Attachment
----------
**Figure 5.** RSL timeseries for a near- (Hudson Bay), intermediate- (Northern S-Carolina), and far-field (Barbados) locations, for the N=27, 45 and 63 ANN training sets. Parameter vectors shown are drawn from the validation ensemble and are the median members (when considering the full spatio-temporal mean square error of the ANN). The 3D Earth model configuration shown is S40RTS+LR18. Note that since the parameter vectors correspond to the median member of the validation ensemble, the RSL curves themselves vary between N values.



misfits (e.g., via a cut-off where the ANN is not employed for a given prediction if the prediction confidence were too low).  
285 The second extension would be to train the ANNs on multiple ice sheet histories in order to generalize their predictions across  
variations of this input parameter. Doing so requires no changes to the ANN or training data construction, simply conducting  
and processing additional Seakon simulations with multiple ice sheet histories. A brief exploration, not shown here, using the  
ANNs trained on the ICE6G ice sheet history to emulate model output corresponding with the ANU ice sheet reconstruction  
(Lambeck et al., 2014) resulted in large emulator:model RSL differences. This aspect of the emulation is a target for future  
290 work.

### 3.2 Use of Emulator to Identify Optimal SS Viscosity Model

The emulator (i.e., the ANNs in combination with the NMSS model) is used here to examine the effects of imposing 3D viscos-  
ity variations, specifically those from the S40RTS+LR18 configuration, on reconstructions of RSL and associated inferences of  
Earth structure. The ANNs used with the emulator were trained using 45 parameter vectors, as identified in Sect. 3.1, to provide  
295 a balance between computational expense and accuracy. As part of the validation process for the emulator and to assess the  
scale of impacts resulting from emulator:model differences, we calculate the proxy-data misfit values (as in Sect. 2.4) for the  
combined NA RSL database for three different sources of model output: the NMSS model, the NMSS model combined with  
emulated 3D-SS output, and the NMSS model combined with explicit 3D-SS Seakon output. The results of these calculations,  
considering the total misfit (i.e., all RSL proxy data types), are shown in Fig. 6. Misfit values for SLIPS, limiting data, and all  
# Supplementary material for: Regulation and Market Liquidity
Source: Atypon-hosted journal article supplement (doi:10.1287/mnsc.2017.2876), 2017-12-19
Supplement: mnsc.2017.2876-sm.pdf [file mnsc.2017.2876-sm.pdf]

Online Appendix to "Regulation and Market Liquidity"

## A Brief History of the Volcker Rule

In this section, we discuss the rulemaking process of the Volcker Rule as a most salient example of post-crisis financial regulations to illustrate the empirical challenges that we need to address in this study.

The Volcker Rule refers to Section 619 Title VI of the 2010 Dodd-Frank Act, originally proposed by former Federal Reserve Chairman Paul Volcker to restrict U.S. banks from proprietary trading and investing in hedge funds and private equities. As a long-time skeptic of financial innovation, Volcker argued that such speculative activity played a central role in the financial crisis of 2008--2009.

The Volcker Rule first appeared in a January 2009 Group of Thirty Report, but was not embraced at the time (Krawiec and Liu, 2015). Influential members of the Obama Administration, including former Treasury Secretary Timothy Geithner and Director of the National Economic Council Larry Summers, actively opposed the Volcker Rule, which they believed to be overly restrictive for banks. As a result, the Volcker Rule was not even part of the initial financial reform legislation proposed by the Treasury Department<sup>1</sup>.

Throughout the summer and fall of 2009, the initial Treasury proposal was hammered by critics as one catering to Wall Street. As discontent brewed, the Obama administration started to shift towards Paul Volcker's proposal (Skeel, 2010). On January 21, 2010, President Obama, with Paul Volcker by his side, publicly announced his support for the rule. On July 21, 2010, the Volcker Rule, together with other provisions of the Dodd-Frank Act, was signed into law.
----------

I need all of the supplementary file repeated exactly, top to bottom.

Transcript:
**Figure 5.** RSL timeseries for a near- (Hudson Bay), intermediate- (Northern S-Carolina), and far-field (Barbados) locations, for the N=27, 45 and 63 ANN training sets. Parameter vectors shown are drawn from the validation ensemble and are the median members (when considering the full spatio-temporal mean square error of the ANN). The 3D Earth model configuration shown is S40RTS+LR18. Note that since the parameter vectors correspond to the median member of the validation ensemble, the RSL curves themselves vary between N values.



misfits (e.g., via a cut-off where the ANN is not employed for a given prediction if the prediction confidence were too low).  
285 The second extension would be to train the ANNs on multiple ice sheet histories in order to generalize their predictions across  
variations of this input parameter. Doing so requires no changes to the ANN or training data construction, simply conducting  
and processing additional Seakon simulations with multiple ice sheet histories. A brief exploration, not shown here, using the  
ANNs trained on the ICE6G ice sheet history to emulate model output corresponding with the ANU ice sheet reconstruction  
(Lambeck et al., 2014) resulted in large emulator:model RSL differences. This aspect of the emulation is a target for future  
290 work.

### 3.2 Use of Emulator to Identify Optimal SS Viscosity Model

The emulator (i.e., the ANNs in combination with the NMSS model) is used here to examine the effects of imposing 3D viscos-  
ity variations, specifically those from the S40RTS+LR18 configuration, on reconstructions of RSL and associated inferences of  
Earth structure. The ANNs used with the emulator were trained using 45 parameter vectors, as identified in Sect. 3.1, to provide  
295 a balance between computational expense and accuracy. As part of the validation process for the emulator and to assess the  
scale of impacts resulting from emulator:model differences, we calculate the proxy-data misfit values (as in Sect. 2.4) for the  
combined NA RSL database for three different sources of model output: the NMSS model, the NMSS model combined with  
emulated 3D-SS output, and the NMSS model combined with explicit 3D-SS Seakon output. The results of these calculations,  
considering the total misfit (i.e., all RSL proxy data types), are shown in Fig. 6. Misfit values for SLIPS, limiting data, and all  
# Supplementary material for: Regulation and Market Liquidity
Source: Atypon-hosted journal article supplement (doi:10.1287/mnsc.2017.2876), 2017-12-19
Supplement: mnsc.2017.2876-sm.pdf [file mnsc.2017.2876-sm.pdf]

Online Appendix to "Regulation and Market Liquidity"

## A Brief History of the Volcker Rule

In this section, we discuss the rulemaking process of the Volcker Rule as a most salient example of post-crisis financial regulations to illustrate the empirical challenges that we need to address in this study.

The Volcker Rule refers to Section 619 Title VI of the 2010 Dodd-Frank Act, originally proposed by former Federal Reserve Chairman Paul Volcker to restrict U.S. banks from proprietary trading and investing in hedge funds and private equities. As a long-time skeptic of financial innovation, Volcker argued that such speculative activity played a central role in the financial crisis of 2008--2009.

The Volcker Rule first appeared in a January 2009 Group of Thirty Report, but was not embraced at the time (Krawiec and Liu, 2015). Influential members of the Obama Administration, including former Treasury Secretary Timothy Geithner and Director of the National Economic Council Larry Summers, actively opposed the Volcker Rule, which they believed to be overly restrictive for banks. As a result, the Volcker Rule was not even part of the initial financial reform legislation proposed by the Treasury Department<sup>1</sup>.

Throughout the summer and fall of 2009, the initial Treasury proposal was hammered by critics as one catering to Wall Street. As discontent brewed, the Obama administration started to shift towards Paul Volcker's proposal (Skeel, 2010). On January 21, 2010, President Obama, with Paul Volcker by his side, publicly announced his support for the rule. On July 21, 2010, the Volcker Rule, together with other provisions of the Dodd-Frank Act, was signed into law.